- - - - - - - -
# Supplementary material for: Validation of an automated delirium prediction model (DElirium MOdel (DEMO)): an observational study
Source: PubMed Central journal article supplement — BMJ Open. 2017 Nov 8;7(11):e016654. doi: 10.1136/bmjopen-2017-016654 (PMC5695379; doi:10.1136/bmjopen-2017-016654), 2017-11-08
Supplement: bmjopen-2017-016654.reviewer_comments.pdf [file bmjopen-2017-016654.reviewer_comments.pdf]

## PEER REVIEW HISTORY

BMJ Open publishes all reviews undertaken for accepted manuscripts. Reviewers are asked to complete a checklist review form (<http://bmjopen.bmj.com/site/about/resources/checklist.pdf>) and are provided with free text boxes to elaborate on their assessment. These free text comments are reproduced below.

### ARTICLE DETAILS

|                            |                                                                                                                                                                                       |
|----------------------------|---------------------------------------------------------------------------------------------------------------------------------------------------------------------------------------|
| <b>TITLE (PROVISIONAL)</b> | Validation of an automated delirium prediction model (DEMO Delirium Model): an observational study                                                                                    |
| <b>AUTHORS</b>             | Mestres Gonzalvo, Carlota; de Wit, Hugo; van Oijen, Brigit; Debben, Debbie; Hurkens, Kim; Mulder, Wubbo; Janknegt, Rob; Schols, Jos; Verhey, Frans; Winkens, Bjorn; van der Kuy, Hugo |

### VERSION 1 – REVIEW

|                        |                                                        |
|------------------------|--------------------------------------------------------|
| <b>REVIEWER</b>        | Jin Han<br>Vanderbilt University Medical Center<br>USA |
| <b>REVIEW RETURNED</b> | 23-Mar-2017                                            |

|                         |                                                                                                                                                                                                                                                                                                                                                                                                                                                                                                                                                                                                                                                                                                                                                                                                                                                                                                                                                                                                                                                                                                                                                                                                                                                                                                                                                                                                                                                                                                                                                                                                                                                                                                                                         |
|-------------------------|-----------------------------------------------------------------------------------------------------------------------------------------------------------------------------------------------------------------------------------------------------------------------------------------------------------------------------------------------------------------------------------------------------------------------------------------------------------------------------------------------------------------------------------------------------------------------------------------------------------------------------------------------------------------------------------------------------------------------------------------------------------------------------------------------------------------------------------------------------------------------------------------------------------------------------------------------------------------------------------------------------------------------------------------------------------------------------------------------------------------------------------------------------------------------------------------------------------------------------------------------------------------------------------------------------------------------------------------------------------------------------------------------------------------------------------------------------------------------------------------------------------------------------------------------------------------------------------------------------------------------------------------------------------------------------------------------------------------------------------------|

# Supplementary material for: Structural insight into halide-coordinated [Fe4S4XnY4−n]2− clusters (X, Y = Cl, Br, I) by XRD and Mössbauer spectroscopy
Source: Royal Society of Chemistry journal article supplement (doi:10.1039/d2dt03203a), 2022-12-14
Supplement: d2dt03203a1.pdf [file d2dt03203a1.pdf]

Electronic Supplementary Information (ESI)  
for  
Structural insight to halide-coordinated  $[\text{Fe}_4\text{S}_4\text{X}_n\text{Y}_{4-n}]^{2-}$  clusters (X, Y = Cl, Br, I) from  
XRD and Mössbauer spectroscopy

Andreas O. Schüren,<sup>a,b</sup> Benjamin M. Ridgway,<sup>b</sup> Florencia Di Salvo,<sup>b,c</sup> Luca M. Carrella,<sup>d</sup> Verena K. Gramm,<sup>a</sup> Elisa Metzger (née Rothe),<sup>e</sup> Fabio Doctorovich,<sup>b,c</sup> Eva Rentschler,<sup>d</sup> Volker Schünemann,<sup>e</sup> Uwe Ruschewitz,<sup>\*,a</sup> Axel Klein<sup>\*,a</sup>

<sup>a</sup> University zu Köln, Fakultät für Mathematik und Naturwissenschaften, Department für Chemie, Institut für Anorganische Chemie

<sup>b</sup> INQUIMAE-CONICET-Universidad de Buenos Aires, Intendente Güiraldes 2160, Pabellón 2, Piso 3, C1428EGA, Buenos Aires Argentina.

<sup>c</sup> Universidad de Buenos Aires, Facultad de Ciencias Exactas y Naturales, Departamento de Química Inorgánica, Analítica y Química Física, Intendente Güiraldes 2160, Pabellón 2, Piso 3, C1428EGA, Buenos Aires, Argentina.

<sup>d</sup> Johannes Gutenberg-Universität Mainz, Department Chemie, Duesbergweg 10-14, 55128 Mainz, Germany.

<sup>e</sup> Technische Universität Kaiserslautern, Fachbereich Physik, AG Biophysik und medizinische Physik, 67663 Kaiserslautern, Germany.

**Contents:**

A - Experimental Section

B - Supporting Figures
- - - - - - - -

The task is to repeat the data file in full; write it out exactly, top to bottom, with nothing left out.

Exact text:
# Supplementary material for: Validation of an automated delirium prediction model (DElirium MOdel (DEMO)): an observational study
Source: PubMed Central journal article supplement — BMJ Open. 2017 Nov 8;7(11):e016654. doi: 10.1136/bmjopen-2017-016654 (PMC5695379; doi:10.1136/bmjopen-2017-016654), 2017-11-08
Supplement: bmjopen-2017-016654.reviewer_comments.pdf [file bmjopen-2017-016654.reviewer_comments.pdf]

## PEER REVIEW HISTORY

BMJ Open publishes all reviews undertaken for accepted manuscripts. Reviewers are asked to complete a checklist review form (<http://bmjopen.bmj.com/site/about/resources/checklist.pdf>) and are provided with free text boxes to elaborate on their assessment. These free text comments are reproduced below.

### ARTICLE DETAILS

|                            |                                                                                                                                                                                       |
|----------------------------|---------------------------------------------------------------------------------------------------------------------------------------------------------------------------------------|
| <b>TITLE (PROVISIONAL)</b> | Validation of an automated delirium prediction model (DEMO Delirium Model): an observational study                                                                                    |
| <b>AUTHORS</b>             | Mestres Gonzalvo, Carlota; de Wit, Hugo; van Oijen, Brigit; Debben, Debbie; Hurkens, Kim; Mulder, Wubbo; Janknegt, Rob; Schols, Jos; Verhey, Frans; Winkens, Bjorn; van der Kuy, Hugo |

### VERSION 1 – REVIEW

|                        |                                                        |
|------------------------|--------------------------------------------------------|
| <b>REVIEWER</b>        | Jin Han<br>Vanderbilt University Medical Center<br>USA |
| <b>REVIEW RETURNED</b> | 23-Mar-2017                                            |

|                         |                                                                                                                                                                                                                                                                                                                                                                                                                                                                                                                                                                                                                                                                                                                                                                                                                                                                                                                                                                                                                                                                                                                                                                                                                                                                                                                                                                                                                                                                                                                                                                                                                                                                                                                                         |
|-------------------------|-----------------------------------------------------------------------------------------------------------------------------------------------------------------------------------------------------------------------------------------------------------------------------------------------------------------------------------------------------------------------------------------------------------------------------------------------------------------------------------------------------------------------------------------------------------------------------------------------------------------------------------------------------------------------------------------------------------------------------------------------------------------------------------------------------------------------------------------------------------------------------------------------------------------------------------------------------------------------------------------------------------------------------------------------------------------------------------------------------------------------------------------------------------------------------------------------------------------------------------------------------------------------------------------------------------------------------------------------------------------------------------------------------------------------------------------------------------------------------------------------------------------------------------------------------------------------------------------------------------------------------------------------------------------------------------------------------------------------------------------|

# Supplementary material for: Structural insight into halide-coordinated [Fe4S4XnY4−n]2− clusters (X, Y = Cl, Br, I) by XRD and Mössbauer spectroscopy
Source: Royal Society of Chemistry journal article supplement (doi:10.1039/d2dt03203a), 2022-12-14
Supplement: d2dt03203a1.pdf [file d2dt03203a1.pdf]

Electronic Supplementary Information (ESI)  
for  
Structural insight to halide-coordinated  $[\text{Fe}_4\text{S}_4\text{X}_n\text{Y}_{4-n}]^{2-}$  clusters (X, Y = Cl, Br, I) from  
XRD and Mössbauer spectroscopy

Andreas O. Schüren,<sup>a,b</sup> Benjamin M. Ridgway,<sup>b</sup> Florencia Di Salvo,<sup>b,c</sup> Luca M. Carrella,<sup>d</sup> Verena K. Gramm,<sup>a</sup> Elisa Metzger (née Rothe),<sup>e</sup> Fabio Doctorovich,<sup>b,c</sup> Eva Rentschler,<sup>d</sup> Volker Schünemann,<sup>e</sup> Uwe Ruschewitz,<sup>\*,a</sup> Axel Klein<sup>\*,a</sup>

<sup>a</sup> University zu Köln, Fakultät für Mathematik und Naturwissenschaften, Department für Chemie, Institut für Anorganische Chemie

<sup>b</sup> INQUIMAE-CONICET-Universidad de Buenos Aires, Intendente Güiraldes 2160, Pabellón 2, Piso 3, C1428EGA, Buenos Aires Argentina.

<sup>c</sup> Universidad de Buenos Aires, Facultad de Ciencias Exactas y Naturales, Departamento de Química Inorgánica, Analítica y Química Física, Intendente Güiraldes 2160, Pabellón 2, Piso 3, C1428EGA, Buenos Aires, Argentina.

<sup>d</sup> Johannes Gutenberg-Universität Mainz, Department Chemie, Duesbergweg 10-14, 55128 Mainz, Germany.

<sup>e</sup> Technische Universität Kaiserslautern, Fachbereich Physik, AG Biophysik und medizinische Physik, 67663 Kaiserslautern, Germany.

**Contents:**

A - Experimental Section

B - Supporting Figures